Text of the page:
I’m going to report on the trip in three parts: the general birding to and from Cape Hatteras (There are a lot of elevation and habitat changes along the way.); the birding in the National Seashore; and the pelagic trips.

First, my general impressions of the birding on the trip to and from the Cape…

I wrote earlier on this blog about the lack of bird diversity in North Carolina compared to what we were used to in South Texas, and this trip only reinforced that impression. We spent seven days, drove over 1300 miles and visited at least 10 distinct habitats, but still only managed to compile a trip list of 113 species. (The Big Sit at Estero Llano Grande State Park’s deck in Weslaco, TX had more species than that in one day recorded from within a 17 foot diameter circle!)

Admittedly, it was not all the birds’ fault. We were somewhat rushed at times and did not always give an area the time it deserved, but there were several times when we spent some time searching an area and literally did not see a single bird and heard just one or two. Of course, not all areas were that sparsely populated. We had good luck finding “all the usual suspects” in a fair number of places. It’s just that “the usual suspects” tend to be almost the same just about everywhere you go.

North Carolina is divided into three main ecoregions, the mountains, the peidmont, and the coastal plain. We began our trip from a fairly low elevation in the mountains (Franklin is about 2100 feet a.s.l.), drove over to the peidmont to spend the first night at Falls Lake State Park, just north of Raleigh, and dropped down to the coastal plain and over to the barrier islands of Cape Hatteras National Seashore.

We did only roadside birding along the way and at rest stops until the state park and did not see very much at all. The park was decidedly better. It is a large reservoir surrounded by mixed deciduous forest and some pines. Our campground was quite birdy and we saw or heard 35 species there in about two hours of birding. Nothing was rare or unusual, but it was the only place that we found Ovenbird on the trip.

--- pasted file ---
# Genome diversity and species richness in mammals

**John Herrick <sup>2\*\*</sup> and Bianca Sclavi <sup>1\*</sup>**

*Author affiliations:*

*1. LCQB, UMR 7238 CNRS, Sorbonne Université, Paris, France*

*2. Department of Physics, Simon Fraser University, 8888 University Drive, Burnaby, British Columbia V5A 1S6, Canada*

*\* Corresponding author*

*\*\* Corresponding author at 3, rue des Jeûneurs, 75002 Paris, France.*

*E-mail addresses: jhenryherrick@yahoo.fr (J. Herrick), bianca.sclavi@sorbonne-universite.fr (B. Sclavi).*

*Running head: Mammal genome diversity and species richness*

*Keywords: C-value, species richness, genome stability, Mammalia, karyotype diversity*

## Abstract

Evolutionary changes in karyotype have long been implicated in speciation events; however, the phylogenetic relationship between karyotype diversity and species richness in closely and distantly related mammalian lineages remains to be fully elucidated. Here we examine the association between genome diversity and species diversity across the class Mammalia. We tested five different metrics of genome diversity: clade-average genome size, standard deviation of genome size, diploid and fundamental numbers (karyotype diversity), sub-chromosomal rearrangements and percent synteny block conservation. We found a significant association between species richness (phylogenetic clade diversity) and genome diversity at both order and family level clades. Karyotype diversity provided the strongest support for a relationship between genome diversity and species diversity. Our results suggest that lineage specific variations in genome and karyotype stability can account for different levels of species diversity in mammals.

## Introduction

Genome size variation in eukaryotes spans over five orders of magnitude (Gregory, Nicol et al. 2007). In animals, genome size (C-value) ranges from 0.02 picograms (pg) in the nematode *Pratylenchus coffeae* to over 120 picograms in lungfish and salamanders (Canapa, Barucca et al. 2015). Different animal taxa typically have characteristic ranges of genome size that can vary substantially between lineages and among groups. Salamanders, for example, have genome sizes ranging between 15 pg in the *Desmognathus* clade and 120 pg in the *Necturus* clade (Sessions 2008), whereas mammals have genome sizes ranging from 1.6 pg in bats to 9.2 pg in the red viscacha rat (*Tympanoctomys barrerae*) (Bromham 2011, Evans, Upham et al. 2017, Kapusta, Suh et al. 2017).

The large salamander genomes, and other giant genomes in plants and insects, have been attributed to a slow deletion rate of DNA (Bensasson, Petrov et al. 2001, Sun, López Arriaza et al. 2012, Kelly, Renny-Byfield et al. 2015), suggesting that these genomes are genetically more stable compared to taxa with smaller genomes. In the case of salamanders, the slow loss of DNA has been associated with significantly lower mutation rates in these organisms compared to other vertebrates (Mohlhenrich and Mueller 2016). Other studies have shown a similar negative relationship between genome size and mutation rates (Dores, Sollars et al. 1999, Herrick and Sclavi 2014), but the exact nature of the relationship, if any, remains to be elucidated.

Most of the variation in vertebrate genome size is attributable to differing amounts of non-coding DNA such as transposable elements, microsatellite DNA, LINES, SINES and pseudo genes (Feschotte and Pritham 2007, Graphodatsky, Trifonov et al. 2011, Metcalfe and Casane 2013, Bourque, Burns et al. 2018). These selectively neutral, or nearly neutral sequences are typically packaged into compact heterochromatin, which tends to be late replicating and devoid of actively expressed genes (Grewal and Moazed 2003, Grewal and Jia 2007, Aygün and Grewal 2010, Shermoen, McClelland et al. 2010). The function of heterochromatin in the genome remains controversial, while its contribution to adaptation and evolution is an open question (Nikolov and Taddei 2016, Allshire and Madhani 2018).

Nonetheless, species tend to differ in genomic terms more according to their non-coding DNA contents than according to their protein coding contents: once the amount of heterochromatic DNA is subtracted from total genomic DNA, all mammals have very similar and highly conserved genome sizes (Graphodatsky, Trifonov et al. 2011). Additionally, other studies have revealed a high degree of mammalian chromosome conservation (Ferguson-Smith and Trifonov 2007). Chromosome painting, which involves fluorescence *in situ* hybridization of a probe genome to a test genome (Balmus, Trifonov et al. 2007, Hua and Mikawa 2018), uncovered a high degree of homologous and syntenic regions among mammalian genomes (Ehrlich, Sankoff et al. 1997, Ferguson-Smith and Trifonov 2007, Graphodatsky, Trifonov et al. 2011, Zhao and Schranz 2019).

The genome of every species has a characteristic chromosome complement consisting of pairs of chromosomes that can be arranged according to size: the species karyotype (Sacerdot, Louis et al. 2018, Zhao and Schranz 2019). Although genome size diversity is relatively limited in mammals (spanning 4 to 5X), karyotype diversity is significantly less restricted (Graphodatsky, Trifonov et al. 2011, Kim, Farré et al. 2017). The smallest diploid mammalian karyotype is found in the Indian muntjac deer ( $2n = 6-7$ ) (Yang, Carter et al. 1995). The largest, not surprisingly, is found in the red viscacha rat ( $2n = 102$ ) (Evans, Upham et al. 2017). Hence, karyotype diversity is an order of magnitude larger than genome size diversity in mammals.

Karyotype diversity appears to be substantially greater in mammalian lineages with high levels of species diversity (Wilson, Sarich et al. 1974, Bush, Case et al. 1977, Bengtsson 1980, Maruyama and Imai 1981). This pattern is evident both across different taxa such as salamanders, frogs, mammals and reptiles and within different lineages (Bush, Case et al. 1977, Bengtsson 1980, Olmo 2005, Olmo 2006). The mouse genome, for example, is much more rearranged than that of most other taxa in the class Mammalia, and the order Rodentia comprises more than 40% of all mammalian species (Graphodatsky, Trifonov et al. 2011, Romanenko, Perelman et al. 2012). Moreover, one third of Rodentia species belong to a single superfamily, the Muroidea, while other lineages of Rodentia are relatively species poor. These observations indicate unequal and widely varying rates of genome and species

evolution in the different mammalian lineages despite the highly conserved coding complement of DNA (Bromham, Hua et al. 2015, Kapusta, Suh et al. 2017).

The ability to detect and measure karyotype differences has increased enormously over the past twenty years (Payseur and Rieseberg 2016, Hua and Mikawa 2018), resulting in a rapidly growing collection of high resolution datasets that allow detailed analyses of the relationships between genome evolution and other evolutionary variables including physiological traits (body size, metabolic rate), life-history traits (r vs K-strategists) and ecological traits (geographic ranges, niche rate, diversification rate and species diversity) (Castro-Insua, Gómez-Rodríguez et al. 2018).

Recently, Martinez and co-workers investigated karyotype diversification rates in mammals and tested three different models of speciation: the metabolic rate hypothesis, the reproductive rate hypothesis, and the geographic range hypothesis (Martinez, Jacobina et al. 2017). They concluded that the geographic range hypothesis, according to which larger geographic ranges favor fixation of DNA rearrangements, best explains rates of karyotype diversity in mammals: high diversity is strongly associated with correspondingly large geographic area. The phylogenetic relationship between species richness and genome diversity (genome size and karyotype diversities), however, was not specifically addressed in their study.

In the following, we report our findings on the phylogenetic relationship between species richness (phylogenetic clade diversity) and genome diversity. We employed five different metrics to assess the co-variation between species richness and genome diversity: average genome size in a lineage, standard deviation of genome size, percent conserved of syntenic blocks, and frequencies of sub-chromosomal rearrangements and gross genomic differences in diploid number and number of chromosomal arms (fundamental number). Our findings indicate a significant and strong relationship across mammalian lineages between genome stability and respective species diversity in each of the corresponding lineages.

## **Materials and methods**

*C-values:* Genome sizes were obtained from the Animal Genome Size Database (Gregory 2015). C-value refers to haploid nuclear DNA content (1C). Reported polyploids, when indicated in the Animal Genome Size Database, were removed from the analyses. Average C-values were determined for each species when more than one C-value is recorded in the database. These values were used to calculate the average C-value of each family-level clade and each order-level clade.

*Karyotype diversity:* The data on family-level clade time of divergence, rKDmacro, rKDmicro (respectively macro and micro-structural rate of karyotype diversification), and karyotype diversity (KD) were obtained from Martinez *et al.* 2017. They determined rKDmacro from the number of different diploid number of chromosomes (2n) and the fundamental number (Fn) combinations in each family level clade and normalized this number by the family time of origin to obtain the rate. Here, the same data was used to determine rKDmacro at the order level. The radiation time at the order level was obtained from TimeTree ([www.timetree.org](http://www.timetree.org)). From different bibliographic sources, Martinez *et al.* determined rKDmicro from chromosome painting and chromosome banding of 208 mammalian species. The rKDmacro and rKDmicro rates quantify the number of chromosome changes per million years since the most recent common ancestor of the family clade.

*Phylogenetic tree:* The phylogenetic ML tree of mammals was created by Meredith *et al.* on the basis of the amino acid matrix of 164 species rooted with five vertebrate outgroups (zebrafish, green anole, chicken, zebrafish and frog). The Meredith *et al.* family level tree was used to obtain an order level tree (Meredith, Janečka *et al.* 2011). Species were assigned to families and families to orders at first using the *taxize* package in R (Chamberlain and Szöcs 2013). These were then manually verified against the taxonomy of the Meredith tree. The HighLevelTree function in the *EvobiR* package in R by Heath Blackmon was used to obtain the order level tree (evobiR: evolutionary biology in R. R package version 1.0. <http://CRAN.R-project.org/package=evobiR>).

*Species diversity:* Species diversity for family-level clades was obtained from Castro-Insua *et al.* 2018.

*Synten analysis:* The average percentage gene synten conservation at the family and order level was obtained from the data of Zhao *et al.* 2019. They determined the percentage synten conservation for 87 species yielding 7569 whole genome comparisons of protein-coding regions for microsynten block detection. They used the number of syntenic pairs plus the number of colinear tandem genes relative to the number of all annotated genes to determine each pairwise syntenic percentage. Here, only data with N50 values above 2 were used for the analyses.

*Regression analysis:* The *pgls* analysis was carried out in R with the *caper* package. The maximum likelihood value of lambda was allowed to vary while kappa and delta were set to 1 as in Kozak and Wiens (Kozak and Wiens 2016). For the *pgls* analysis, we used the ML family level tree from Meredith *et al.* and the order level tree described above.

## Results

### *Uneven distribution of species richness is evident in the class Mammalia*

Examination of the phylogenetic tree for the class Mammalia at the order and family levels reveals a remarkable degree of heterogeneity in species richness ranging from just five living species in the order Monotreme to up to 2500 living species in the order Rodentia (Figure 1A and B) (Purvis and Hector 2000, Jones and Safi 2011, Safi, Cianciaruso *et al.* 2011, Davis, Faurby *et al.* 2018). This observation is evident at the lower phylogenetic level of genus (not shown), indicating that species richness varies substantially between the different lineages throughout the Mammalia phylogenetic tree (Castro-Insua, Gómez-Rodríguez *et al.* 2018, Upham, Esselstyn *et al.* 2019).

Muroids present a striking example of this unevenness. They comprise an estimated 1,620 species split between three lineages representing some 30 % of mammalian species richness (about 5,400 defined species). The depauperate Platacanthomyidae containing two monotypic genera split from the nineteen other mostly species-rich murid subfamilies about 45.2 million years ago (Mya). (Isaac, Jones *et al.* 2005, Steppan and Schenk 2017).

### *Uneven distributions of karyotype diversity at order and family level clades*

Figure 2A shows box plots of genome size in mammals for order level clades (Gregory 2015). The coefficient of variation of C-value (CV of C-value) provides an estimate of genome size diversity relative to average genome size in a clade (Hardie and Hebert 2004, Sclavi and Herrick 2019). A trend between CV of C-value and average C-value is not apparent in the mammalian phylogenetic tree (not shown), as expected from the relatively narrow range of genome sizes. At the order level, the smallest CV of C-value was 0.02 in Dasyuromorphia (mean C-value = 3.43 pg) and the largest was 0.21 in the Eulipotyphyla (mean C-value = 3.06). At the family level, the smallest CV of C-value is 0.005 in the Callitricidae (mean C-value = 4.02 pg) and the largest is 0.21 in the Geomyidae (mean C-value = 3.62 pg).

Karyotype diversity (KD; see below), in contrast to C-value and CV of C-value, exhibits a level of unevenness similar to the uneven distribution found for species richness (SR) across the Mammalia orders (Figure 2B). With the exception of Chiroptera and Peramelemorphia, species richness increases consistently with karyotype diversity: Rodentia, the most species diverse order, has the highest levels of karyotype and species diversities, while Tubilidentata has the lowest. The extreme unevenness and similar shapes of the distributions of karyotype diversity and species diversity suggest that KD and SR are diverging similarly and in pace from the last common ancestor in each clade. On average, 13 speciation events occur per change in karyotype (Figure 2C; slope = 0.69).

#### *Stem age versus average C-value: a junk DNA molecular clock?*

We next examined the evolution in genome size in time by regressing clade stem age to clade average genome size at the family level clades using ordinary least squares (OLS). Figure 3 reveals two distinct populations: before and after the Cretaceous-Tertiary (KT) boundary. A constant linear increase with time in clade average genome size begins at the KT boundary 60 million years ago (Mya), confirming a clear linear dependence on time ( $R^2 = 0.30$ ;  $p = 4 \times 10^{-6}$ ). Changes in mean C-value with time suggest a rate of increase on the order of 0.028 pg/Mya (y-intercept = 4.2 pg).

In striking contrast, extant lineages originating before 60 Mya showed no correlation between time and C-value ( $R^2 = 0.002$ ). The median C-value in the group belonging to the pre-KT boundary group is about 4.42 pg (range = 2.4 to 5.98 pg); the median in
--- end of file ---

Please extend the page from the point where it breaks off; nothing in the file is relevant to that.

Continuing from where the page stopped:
From the park we dropped down through mostly farms and fields and into the forests and rivers of the coastal plain. Birding here was the most disappointing of the trip. It may have been that we were traveling through during late morning and early afternoon, not prime birding times, but we saw practically nothing in the wetland habitats we most expected to find birds. Even the trip across the causeways to Cape Hatteras was dull. It was a big deal when we finally saw a Great Black-backed Gull on a piling!

(I’ll write about the barrier islands and pelagic portions of the trip later, but now I’ll finish the general “travel birding” report.) Our trip back from Cape Hatteras was better. We spent several hours in Alligator River National Wildlife Refuge, and although we did not compile a big list, we had some great looks at Prairie and Prothonotary Warblers and added several more species to our trip list. Roadside birding was also better. We picked up more species at rest areas, including Cedar Waxwing and Dark-eyed Junco as we climbed back up toward the mountains.

The best birding, however, was when we decided to take a detour from the main roads and travel about 50 miles along the Blue Ridge Parkway. On this section of the road we climbed from about 3000 feet up to over 6000 feet. At these high elevations many of the birds that are more characteristic of the northern tier of states or southern Canada are found in Appalachian Mountain refugia. For example, we found Canada Warbler and Black-throated Green Warbler in a remnant stand of spruce-fir forest near the highest point of the Parkway and we added several other new species as well. Mountain birding was also good at lower elevations as we descended back toFranklin.

All in all, despite being spoiled by the high diversity of the Rio Grande Valley, we saw some nice birds during our “travel mode” birding, and we definitely want to spend more time exploring the higher elevations near us.

(Next up: Birding in Cape Hatteras National Seashore)

Sorry for the Silence

We have been so busy moving into our new place in Franklin, NC and getting our van outfitted for camping that I have not had time to write.